The result is a very large number of people who come in, redeem the discount, and never come back.
In order for "Chiptopia" to be successful, Goldstein says Chipotle should work on gathering customer data and using a bulk of its marketing dollars to go after those once-loyal customers. Among Thanx's restaurant clients, he notes that the top 25 percent of customers drive approximately 66 percent of revenue. Added to that is the fact that, of all the people who visit a particular restaurant today, 50 to 70 percent won't be back tomorrow.
"They need to focus on the people that matter," he says, honing in on a potential strategy. "Pretty immediately, they should take whatever marketing budget they're planning to utilize on discounts, promotions, etc., supercharge that budget for VIPs, and diminish that budget for just about everyone else. They seem willing to give a free burrito to almost everyone, but they'd be much better off giving five free burritos to a lifetime loyalist rather than one burrito to someone who will never be back."
Megan Flynn, EVP of Program Development at loyalty services company Excentus, says loyalty programs are altogether different from discounts. Coupons and discounts are solid options for boosting sales temporarily, but loyalty programs take time.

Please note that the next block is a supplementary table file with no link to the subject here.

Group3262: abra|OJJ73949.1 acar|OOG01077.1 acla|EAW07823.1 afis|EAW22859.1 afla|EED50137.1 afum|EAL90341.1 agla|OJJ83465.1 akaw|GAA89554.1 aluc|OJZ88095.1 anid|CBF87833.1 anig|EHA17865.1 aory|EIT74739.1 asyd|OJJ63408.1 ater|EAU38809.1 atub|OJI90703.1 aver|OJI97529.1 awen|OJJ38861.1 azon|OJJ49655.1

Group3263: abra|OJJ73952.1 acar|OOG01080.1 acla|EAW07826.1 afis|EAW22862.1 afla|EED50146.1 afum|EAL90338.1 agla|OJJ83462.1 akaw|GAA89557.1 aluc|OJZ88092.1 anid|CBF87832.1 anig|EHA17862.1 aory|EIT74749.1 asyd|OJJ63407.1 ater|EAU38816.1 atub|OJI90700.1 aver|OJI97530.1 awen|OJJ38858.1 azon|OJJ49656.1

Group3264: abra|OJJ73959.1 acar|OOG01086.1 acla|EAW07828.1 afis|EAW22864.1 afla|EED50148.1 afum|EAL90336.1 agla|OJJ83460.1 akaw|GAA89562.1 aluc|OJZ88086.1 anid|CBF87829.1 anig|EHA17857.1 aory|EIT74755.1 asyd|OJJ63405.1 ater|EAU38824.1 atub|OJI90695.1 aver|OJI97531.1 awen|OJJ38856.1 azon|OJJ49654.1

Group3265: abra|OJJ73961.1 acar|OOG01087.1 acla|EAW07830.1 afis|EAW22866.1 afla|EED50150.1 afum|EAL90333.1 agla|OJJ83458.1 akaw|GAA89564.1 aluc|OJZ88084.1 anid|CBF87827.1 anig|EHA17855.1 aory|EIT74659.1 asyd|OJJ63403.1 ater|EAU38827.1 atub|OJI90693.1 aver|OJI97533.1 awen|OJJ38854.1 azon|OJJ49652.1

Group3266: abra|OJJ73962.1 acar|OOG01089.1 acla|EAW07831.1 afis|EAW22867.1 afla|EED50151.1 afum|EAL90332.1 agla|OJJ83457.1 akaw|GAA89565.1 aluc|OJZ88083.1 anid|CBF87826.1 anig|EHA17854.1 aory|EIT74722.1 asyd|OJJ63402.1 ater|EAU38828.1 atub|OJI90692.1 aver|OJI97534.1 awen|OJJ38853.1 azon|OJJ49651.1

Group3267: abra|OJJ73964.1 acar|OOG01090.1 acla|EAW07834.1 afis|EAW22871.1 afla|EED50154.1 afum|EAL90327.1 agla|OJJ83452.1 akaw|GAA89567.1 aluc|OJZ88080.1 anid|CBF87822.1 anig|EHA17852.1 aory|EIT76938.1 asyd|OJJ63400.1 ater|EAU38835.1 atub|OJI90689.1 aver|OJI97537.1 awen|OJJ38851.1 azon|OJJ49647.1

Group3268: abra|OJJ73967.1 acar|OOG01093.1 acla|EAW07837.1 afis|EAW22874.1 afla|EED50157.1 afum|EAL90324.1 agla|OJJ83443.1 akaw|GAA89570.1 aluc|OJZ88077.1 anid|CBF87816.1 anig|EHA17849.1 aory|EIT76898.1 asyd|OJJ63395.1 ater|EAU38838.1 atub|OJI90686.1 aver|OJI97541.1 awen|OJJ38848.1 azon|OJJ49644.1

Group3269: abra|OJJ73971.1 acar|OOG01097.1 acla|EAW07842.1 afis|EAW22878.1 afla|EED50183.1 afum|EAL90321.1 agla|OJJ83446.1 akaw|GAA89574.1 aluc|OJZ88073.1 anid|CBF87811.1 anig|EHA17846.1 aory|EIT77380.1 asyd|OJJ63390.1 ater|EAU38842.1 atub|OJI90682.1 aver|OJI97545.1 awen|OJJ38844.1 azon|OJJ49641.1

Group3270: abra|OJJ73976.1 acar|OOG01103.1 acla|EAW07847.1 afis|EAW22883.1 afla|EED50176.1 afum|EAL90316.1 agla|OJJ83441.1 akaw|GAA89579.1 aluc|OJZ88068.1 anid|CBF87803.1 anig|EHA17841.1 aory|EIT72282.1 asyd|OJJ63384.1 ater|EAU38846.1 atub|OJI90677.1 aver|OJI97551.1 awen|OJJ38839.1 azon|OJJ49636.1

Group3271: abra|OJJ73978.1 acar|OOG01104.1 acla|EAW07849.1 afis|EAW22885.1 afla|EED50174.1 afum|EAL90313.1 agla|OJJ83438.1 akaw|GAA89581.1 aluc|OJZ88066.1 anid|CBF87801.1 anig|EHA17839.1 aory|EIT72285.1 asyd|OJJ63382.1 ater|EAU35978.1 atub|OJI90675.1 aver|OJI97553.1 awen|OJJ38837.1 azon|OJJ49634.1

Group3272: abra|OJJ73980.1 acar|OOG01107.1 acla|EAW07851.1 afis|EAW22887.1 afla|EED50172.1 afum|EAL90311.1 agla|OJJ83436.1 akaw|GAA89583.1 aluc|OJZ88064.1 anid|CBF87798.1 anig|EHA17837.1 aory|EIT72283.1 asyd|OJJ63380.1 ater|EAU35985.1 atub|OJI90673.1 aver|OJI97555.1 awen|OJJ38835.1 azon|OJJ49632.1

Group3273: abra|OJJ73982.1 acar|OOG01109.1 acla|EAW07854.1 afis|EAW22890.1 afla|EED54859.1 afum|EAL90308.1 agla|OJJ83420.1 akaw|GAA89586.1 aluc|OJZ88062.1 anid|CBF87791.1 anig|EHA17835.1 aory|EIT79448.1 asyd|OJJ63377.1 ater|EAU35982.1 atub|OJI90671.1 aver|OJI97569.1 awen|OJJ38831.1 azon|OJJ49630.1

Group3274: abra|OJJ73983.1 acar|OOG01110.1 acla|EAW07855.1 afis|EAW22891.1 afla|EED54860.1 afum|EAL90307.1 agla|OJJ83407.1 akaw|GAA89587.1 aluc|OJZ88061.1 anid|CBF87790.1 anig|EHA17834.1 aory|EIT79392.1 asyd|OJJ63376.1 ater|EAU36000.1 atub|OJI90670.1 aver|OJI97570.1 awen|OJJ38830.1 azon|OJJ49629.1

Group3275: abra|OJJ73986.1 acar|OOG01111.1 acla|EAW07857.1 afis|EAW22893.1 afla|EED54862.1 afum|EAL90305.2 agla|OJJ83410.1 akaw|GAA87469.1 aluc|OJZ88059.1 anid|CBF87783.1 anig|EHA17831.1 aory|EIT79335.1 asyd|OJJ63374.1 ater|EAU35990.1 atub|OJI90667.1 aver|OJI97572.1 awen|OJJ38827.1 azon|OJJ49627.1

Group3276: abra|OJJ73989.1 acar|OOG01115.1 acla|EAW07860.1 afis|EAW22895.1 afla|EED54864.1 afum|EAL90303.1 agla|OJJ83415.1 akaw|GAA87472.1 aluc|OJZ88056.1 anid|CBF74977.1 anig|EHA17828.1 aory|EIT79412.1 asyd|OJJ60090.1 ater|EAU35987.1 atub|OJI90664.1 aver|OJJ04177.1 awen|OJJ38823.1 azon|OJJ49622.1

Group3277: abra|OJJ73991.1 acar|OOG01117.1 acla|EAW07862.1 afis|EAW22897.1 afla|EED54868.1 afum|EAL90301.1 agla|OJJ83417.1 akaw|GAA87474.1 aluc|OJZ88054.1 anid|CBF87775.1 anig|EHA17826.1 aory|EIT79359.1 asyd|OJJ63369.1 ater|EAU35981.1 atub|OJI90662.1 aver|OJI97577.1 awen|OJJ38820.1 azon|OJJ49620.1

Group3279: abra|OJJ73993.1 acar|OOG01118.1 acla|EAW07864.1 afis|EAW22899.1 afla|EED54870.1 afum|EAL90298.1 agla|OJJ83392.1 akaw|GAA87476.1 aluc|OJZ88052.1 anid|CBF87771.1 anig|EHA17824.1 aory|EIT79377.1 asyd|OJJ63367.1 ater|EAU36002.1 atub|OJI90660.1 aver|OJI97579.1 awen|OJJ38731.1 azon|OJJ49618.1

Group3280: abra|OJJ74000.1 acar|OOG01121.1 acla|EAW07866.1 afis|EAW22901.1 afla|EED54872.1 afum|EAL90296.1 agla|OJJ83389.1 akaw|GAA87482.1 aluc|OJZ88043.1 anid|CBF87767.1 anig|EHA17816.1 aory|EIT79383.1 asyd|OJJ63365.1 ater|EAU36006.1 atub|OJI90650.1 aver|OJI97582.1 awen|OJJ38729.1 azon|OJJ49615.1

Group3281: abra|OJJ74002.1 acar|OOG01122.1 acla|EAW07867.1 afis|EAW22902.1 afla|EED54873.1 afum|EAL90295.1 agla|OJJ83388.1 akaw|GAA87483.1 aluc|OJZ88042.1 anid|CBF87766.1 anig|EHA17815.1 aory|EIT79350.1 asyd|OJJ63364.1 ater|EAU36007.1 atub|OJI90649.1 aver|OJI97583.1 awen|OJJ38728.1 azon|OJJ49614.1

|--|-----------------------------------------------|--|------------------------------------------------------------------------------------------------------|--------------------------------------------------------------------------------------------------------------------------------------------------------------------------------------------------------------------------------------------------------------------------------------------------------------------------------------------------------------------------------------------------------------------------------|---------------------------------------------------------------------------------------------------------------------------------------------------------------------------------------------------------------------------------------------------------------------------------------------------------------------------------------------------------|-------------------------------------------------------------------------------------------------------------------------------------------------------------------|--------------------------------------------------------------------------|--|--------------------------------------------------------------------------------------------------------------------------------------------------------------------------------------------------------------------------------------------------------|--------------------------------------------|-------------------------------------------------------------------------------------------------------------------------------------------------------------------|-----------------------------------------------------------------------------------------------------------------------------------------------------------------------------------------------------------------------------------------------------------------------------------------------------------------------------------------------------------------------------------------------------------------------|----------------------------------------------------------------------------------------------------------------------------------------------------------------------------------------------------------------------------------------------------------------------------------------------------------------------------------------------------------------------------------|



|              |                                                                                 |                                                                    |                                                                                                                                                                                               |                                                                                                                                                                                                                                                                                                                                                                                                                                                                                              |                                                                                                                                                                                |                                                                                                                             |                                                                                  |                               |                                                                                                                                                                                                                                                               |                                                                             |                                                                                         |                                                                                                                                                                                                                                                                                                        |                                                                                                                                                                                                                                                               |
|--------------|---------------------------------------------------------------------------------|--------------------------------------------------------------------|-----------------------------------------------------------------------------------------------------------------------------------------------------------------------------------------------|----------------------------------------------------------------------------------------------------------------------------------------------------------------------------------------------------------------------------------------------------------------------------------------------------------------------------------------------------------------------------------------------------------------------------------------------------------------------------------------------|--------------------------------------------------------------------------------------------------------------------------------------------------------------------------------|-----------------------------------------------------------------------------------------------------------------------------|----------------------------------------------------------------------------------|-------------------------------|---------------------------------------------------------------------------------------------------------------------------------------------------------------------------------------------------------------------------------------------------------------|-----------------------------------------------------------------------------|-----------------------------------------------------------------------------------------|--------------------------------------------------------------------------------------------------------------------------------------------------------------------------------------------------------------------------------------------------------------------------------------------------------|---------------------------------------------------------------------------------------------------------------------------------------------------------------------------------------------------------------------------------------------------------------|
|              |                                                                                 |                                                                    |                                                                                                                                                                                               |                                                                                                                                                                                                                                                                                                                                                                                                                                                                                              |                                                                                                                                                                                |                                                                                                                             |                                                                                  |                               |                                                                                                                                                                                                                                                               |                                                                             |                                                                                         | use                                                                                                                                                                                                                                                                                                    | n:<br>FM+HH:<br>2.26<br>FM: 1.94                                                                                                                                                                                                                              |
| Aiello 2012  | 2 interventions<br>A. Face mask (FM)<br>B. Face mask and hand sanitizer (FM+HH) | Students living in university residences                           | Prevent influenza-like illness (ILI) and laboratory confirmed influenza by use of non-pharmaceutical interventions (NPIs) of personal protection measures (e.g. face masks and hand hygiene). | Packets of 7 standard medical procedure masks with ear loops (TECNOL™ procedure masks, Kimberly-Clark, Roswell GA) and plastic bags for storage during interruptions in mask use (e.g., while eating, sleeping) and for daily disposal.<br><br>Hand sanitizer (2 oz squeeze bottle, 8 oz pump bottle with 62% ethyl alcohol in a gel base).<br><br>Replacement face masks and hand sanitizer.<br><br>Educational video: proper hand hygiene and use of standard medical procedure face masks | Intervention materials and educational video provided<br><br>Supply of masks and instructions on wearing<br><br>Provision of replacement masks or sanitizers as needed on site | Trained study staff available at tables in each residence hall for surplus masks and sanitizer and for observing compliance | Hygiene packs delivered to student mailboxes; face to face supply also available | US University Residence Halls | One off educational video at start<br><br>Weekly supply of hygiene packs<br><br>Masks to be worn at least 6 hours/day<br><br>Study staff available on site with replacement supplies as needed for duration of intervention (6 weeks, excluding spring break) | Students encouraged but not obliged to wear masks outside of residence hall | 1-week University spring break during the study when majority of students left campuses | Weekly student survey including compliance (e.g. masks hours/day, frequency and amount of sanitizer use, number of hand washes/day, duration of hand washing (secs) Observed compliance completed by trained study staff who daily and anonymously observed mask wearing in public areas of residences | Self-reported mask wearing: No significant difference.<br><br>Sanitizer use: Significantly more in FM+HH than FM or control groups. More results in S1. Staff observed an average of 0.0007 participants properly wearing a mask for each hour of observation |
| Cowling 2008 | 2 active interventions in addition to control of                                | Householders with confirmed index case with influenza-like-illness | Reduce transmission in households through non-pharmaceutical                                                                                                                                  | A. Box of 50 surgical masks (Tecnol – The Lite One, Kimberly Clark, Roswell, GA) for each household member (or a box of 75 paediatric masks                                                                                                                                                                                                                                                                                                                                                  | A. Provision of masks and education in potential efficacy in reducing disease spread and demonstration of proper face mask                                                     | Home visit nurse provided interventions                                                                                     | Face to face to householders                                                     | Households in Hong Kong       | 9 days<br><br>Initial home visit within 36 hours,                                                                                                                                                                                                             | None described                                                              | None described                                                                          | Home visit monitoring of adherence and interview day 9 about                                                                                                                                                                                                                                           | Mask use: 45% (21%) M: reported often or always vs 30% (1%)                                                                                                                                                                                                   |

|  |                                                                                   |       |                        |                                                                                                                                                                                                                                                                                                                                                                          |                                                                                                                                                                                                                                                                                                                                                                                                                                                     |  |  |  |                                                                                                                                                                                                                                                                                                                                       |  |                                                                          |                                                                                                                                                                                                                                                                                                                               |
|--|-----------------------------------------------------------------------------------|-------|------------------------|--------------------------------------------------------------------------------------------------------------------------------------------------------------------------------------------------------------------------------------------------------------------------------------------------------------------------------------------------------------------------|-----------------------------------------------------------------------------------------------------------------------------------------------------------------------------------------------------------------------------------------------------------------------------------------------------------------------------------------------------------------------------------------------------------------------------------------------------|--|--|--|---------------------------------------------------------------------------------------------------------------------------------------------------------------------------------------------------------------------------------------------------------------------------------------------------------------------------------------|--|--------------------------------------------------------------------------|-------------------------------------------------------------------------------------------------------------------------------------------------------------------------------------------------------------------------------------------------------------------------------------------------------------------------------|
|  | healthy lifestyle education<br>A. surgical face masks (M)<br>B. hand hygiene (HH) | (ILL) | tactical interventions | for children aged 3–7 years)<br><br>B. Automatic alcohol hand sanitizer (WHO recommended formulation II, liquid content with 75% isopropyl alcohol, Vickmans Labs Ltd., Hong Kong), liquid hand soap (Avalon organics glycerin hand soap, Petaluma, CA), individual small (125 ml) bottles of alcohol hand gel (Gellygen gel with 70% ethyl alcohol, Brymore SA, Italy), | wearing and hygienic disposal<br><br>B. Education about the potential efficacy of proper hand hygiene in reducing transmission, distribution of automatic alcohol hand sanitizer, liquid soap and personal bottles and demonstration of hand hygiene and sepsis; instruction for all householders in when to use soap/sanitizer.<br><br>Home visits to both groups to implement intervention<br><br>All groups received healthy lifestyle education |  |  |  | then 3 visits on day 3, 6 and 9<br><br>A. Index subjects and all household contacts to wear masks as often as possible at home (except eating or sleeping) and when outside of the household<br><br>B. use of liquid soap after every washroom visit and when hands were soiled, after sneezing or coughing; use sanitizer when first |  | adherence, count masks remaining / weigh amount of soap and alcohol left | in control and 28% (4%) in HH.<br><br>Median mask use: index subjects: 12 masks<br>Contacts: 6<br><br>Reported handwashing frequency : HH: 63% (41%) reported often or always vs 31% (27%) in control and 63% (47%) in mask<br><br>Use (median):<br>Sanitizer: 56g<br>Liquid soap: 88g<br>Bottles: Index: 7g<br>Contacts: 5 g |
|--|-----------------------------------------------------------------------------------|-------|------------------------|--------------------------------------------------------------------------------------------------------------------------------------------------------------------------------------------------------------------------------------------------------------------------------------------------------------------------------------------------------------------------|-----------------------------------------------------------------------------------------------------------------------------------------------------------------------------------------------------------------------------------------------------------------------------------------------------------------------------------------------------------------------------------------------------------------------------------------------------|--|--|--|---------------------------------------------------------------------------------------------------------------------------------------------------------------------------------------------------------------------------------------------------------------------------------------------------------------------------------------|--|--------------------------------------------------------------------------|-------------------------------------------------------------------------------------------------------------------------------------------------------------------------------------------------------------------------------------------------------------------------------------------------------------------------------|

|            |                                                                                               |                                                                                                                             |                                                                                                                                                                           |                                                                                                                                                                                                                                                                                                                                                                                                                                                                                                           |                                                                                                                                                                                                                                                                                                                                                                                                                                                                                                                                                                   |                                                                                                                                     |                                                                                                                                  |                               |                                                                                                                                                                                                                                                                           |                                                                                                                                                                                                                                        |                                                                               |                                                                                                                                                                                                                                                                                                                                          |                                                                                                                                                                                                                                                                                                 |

"I personally feel it would be very disruptive to put a loyalty program out in the market and take it out a few months later," she cautions. "People would then start to expect it."
Chris Luo, who works in marketing for loyalty technology company FiveStars, says rewards programs can impact a restaurant's bottom line in three ways: By getting loyal customers to come back even more frequently, increasing their "basket size" (aka order size), and by winning back lost customers. At this point, Chipotle needs all three.
"What we've seen is that you can get someone to come back 20 percent more frequently [in terms of reducing time between visits] because of a loyalty program," says Luo. The reason? As the customer gets closer to a reward, he or she comes in more frequently.